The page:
Environment and Climate News Sustainability

GRIHA: India’s Answer to LEED

Evaluation is necessary to ascertain how green a building is. Apart from verifying claims, such systems ensure that best practices are followed and the gains made are quantified. GRIHA (Green Rating for Integrated Habitat Assessment), the green rating system developed by The Energy Resources Institute (TERI), is promoted by the Ministry of New and Renewable Energy (MNRE) as the National rating system.

By Anupama Mohanram / The Hindu

Not only has GRIHA evaluated and incorporated most of the green building criteria originally developed by LEED, a green building rating system that was developed in the US and adopted by the Indian Green Building Council in 2001, it has also added further requirements to make the system more suitable to the Indian building context. In addition, MNRE has made it mandatory for buildings to obtain a GRIHA rating to avail subsidies and other financial assistance allocated for green development. The Ministry also provides incentives to local bodies that offer rebate in property tax for GRIHA rated buildings.

Key features

Some of the key additional features that GRIHA requires are:

Basic building codes and standards: LEED originated in the US, where basic construction norms and regulations such as construction worker safety, health & sanitation, minimum visual and thermal comfort are strictly complied with and without which construction approvals are not granted. LEED’s criteria assumes adherence to these basic codes and norms which may not be mandatory in India.

On the other hand, GRIHA requires compliance with certain basic codes and norms prescribed by Indian standards such as the National Building Code (NBC), Energy Conservation Building Code (ECBC) and Bureau of Indian Standards (BIS), by selectively enforcing a few of these even though they may not be required by local development authorities for construction approvals. This approach ensures that these basic standards are also achieved along with environmental performance. A few of these basic standards in GRIHA include:

– Minimum level of sanitation/safety facilities for construction workers.

– Minimum natural day lighting requirements as per the NBC

– Minimum artificial lighting requirements as per the ECBC

– Urban context consideration

Focus on non-airconditioned buildings: Traditionally, buildings in India have been designed with climate sensitivity in mind, trying to achieve thermal comfort for occupants without the use of mechanical interventions. GRIHA’s criteria provide more credit to climate responsive architecture and design to minimise energy use compared to LEED criteria.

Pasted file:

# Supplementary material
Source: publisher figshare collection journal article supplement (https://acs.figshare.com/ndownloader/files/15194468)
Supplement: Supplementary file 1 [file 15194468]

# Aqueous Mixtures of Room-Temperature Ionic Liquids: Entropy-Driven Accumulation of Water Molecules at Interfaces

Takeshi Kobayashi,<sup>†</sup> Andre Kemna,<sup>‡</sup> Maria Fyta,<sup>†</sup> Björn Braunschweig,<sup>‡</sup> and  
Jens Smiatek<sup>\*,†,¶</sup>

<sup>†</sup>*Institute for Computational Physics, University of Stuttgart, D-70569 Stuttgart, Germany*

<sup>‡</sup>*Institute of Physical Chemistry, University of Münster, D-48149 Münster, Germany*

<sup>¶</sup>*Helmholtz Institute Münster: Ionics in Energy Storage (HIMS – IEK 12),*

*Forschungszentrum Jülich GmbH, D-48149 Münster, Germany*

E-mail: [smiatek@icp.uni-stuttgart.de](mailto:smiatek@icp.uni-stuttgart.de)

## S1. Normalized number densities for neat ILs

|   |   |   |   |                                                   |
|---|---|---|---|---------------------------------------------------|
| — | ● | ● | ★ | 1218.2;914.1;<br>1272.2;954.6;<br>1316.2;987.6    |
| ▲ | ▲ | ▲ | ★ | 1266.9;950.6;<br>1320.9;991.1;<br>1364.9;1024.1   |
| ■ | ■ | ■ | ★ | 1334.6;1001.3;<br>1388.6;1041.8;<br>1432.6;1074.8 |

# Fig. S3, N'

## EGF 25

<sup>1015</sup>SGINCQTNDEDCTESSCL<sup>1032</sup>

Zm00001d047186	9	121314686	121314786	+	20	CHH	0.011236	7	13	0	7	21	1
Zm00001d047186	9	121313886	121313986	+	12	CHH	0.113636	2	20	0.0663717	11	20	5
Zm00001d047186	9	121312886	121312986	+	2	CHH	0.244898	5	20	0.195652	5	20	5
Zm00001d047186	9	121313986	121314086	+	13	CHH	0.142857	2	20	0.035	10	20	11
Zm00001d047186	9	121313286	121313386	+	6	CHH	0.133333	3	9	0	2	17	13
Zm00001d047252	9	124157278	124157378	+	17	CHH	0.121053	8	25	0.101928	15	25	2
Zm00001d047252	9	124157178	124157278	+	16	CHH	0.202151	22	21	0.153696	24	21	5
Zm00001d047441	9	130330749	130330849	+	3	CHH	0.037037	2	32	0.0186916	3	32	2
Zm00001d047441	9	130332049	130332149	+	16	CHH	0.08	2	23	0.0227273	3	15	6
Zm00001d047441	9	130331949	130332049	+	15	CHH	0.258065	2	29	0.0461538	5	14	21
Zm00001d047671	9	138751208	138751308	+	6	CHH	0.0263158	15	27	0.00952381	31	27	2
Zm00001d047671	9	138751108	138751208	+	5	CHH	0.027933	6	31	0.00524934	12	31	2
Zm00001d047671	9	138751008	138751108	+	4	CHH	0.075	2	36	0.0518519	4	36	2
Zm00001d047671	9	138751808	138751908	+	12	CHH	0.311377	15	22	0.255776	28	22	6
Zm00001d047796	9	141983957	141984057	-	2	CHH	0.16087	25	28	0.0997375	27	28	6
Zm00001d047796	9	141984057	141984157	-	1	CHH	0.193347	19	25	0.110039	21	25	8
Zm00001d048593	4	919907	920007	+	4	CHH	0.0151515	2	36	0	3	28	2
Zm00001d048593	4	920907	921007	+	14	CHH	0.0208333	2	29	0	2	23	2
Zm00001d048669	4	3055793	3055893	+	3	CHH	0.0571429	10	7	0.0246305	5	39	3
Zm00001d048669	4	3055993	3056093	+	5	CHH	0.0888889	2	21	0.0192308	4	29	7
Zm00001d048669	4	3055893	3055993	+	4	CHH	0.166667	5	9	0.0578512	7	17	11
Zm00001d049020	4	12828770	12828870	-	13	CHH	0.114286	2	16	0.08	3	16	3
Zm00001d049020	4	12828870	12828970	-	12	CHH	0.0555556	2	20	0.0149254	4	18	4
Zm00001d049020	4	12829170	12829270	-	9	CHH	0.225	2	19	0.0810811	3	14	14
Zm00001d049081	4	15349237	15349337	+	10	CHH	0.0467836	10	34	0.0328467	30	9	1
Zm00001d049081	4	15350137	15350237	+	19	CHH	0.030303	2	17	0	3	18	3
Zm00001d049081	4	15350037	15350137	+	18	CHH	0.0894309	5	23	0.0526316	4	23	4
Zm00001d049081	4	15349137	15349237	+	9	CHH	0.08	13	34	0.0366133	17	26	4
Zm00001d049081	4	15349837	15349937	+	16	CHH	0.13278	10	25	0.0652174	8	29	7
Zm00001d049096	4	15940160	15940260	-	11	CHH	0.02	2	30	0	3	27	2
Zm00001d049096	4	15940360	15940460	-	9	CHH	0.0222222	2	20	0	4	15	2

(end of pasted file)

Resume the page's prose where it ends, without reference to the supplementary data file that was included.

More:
Mandatory minimum requirement for solar energy: Backed up by MNRE subsidies, GRIHA requires, as a mandatory criterion, 1 per cent of the total energy needs for the development to be sourced from solar power. Quality of ground water in India is not guaranteed as in other countries such as the U.S. GRIHA mandates the treatment of ground water for drinking and irrigation to the norms as prescribed by ISI.

Noise pollution: LEED does not evaluate acoustical comfort. GRIHA requires adherence to Central Pollution Control Board (CPCB) and NBC guidelines for acceptable outdoor and indoor noise levels. All of the above make GRIHA very comprehensive. Incentives and subsidies by the MNRE: Buildings that achieve a minimum of 3-star GRIHA rating will be eligible for reimbursement of registration fees and cash incentives to their architects and consultants. Financial support for solar PV installations is also being offered. In addition , the MNRE is also offering Rs.50 lakhs to municipal corporations and Rs.25 lakhs to other urban local bodies that announce rebate in property tax for GRIHA rated buildings and make it mandatory for new government and public sector buildings to be rated under GRIHA.

Over the years, LEED has achieved global recognition as the rating system of choice for eco-friendly development. On the other hand, the availability of MNRE incentives and its greater relevance to the Indian context makes GRIHA an attractive option to government, quasi-government and private corporations with a predominantly Indian customer base. We spoke to Gaurav Shorey, GRIHA Secretariat, about the future of GRIHA . The next steps would be specific ratings for existing buildings and for low-income and rural housing developments that would be formulated in collaboration with organisations such as the HUDCO. The possibility of relaxation of FAR regulations for building developments with a GRIHA rating is also being weighed.

Leave a Reply

Your email address will not be published. Required fields are marked *